“A challenge to coverage is, as the Florida Supreme Court has confirmed, a matter for determination by a court; whereas, a challenge to the amount of a covered loss is for determination by an appraisal panel.” Citizens Prop. Ins. Corp. v. Mango Hill Condo. Ass’n 12 Inc., 54 So. 3d 578, 581 (Fla. 3d DCA 2011) (citing Johnson v. Nationwide Mut. Ins. Co., 828 So. 2d 1021, 1022 (Fla. 2002)). This Court has held on several occasions that the trial court may exercise its discretion when determining whether to compel appraisal of an insurance claim before determining whether the policy covers the claimed loss. See, e.g., id.; Sunshine State Ins. Co. v. Rawlins, 34 So. 3d 753, 754 (Fla. 3d DCA 2010) (citing Paradise Plaza Condo. Assoc. v. Reinsurance Corp. of New York, 685 So. 2d 937 (Fla. 3d DCA 1996) (en banc)). However, we have also held that “an ‘insured must comply with all of the policy’s post-loss obligations before the appraisal clause is triggered.’ ” Mango Hill 12, 54 So. 3d at 581 (quoting U.S. Fid. & Guar. Co. v. Romay, 744 So. 2d 467, 471 (Fla. 3d DCA 1999) (en banc)); see also First Home Ins. Co. v Fleurimond, 36 So. 3d 172, 174 (Fla. 3d DCA 2010). “Until these [post-loss obligation] conditions are met and the insurer has a reasonable opportunity to investigate and adjust the claim, there is no ‘disagreement’ (for purposes of the appraisal provision in the policy) regarding the value of the property or the amount of loss.” Citizens Prop. Ins. Corp. v. Galeria Villas Condo. Ass’n, 48 So. 3d 188, 191 (Fla. 3d DCA 2010).
The trial court in this case found that the Plaintiffs had “sufficiently complied” with the policy’s post-loss obligations, citing this Court’s opinion in Mango Hill 12. See 54 So. 3d at 582 (“Because [the trial court compelled appraisal without holding an evidentiary hearing to determine whether the insured had complied with his post-loss obligations], we reverse the order compelling appraisal and remand for an evidentiary hearing on whether [the insured] Mango Hill sufficiently complied with the policy’s post-loss requirements.” (emphasis added) (citing Corridori, 28 So. 3d at 131)). The trial court’s order seems to suggest that our Mango Hill 12 decision substantially changed the requisite standard to obtain appraisal to require something less than full compliance with all post-loss obligations, as had been mandated by our numerous past holdings. However, a full reading of Mango Hill 12, along with a litany of our other cases on this subject, confirms that “sufficient compliance” still requires that all post-loss obligations be satisfied before the trial court can properly exercise its discretion to compel appraisal. Id. (holding that “an ‘insured must comply with all of the policy’s post-loss obligations before the appraisal clause is triggered.’ ” (quoting Romay, 744 So. 2d at 471)); see also Citizens Prop. Ins. Corp. v. Gutierrez, 59 So. 3d 177, 179 (Fla. 3d DCA 2011) (citing Romay for that same proposition after Mango Hill 12 was issued).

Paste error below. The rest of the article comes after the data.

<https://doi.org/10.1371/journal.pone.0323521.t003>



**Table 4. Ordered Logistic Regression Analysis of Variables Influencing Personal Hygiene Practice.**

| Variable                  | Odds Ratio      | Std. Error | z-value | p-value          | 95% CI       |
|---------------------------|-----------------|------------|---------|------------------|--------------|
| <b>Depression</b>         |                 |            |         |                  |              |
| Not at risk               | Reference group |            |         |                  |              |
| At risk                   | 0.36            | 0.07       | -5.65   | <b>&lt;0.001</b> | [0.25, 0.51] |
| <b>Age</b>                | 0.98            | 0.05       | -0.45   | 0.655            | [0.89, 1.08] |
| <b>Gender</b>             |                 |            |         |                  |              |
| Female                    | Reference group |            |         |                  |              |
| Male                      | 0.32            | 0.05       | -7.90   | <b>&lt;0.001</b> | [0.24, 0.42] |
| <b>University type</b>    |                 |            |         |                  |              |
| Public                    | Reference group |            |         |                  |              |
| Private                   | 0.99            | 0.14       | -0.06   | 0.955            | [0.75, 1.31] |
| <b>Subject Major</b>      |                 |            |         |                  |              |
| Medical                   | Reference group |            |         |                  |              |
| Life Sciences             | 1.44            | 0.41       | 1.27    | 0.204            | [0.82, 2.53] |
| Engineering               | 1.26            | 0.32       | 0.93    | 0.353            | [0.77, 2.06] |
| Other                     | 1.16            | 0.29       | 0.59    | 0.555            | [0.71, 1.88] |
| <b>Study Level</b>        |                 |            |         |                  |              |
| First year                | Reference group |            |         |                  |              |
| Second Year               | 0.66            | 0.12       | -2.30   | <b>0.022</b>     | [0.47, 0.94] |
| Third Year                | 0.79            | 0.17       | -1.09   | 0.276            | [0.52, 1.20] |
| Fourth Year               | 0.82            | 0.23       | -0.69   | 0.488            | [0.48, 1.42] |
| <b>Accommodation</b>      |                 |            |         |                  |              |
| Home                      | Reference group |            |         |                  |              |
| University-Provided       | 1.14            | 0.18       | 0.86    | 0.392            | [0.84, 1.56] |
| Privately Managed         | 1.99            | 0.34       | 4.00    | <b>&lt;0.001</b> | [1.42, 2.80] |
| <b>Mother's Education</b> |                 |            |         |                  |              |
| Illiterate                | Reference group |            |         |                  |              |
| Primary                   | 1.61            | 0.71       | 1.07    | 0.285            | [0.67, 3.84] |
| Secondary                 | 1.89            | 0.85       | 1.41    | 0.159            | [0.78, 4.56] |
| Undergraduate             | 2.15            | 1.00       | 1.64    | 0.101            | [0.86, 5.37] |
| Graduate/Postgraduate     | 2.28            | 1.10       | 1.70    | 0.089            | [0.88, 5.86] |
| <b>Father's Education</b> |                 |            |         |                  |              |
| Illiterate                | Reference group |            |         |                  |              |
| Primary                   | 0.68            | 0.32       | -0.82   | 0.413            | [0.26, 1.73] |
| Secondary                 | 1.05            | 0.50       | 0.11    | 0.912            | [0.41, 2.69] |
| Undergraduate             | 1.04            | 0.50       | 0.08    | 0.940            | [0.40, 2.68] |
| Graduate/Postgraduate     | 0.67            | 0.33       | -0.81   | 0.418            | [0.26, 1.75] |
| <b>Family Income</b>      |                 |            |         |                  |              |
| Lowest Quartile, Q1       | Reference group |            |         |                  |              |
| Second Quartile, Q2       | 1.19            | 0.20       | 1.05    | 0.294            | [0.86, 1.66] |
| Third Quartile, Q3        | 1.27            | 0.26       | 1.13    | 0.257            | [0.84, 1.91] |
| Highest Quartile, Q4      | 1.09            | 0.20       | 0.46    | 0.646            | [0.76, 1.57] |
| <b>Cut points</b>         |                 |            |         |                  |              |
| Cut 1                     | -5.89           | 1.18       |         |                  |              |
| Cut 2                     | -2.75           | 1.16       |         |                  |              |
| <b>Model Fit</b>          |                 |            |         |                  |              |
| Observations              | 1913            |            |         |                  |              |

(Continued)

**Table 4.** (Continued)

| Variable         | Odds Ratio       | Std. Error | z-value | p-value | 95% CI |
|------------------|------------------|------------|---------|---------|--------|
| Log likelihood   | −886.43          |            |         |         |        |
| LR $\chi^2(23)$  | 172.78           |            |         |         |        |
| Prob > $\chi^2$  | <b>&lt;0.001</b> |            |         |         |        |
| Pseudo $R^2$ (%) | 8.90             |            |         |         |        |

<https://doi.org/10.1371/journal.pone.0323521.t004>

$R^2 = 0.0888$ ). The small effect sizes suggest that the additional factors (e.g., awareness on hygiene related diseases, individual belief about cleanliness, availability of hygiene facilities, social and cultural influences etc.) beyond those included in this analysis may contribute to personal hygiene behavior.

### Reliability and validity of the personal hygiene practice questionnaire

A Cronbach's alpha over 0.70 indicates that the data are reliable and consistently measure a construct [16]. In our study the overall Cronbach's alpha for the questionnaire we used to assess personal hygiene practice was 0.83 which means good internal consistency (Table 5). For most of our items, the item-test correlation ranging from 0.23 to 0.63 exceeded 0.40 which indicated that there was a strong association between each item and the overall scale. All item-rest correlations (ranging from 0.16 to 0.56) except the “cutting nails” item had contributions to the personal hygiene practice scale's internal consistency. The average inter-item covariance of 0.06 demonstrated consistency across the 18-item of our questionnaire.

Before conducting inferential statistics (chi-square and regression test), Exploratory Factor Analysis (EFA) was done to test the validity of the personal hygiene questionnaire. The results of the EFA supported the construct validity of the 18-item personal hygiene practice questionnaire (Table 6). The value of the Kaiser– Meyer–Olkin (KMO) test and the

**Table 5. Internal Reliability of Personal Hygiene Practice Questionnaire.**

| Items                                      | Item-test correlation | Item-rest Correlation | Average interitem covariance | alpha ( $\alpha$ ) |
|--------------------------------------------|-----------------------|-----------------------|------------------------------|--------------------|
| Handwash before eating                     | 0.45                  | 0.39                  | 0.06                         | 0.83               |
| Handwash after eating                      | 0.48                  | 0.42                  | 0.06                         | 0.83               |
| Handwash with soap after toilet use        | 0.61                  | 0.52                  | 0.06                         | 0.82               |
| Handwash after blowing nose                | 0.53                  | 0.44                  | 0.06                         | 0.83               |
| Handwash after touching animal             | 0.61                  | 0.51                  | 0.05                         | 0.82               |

Despite the confusion on which standard to apply, we cannot say that the trial court abused its discretion by compelling appraisal of the Plaintiffs’ claimed damages on these particular facts. State Farm admits that the Plaintiffs complied with all post-loss obligations immediately following the hurricanes in 2005, and the Plaintiffs have provided State Farm with an updated sworn proof of loss detailing all of the damages they are claiming. Moreover, because these damages are the same as those claimed from the original hurricane damage, State Farm already has all the required documentation of the damages, and the Plaintiffs have also agreed on many occasions to open their home to State Farm for further inspection of the damages. Thus, the trial court did not abuse its discretion by granting the Plaintiffs’ motion to compel appraisal.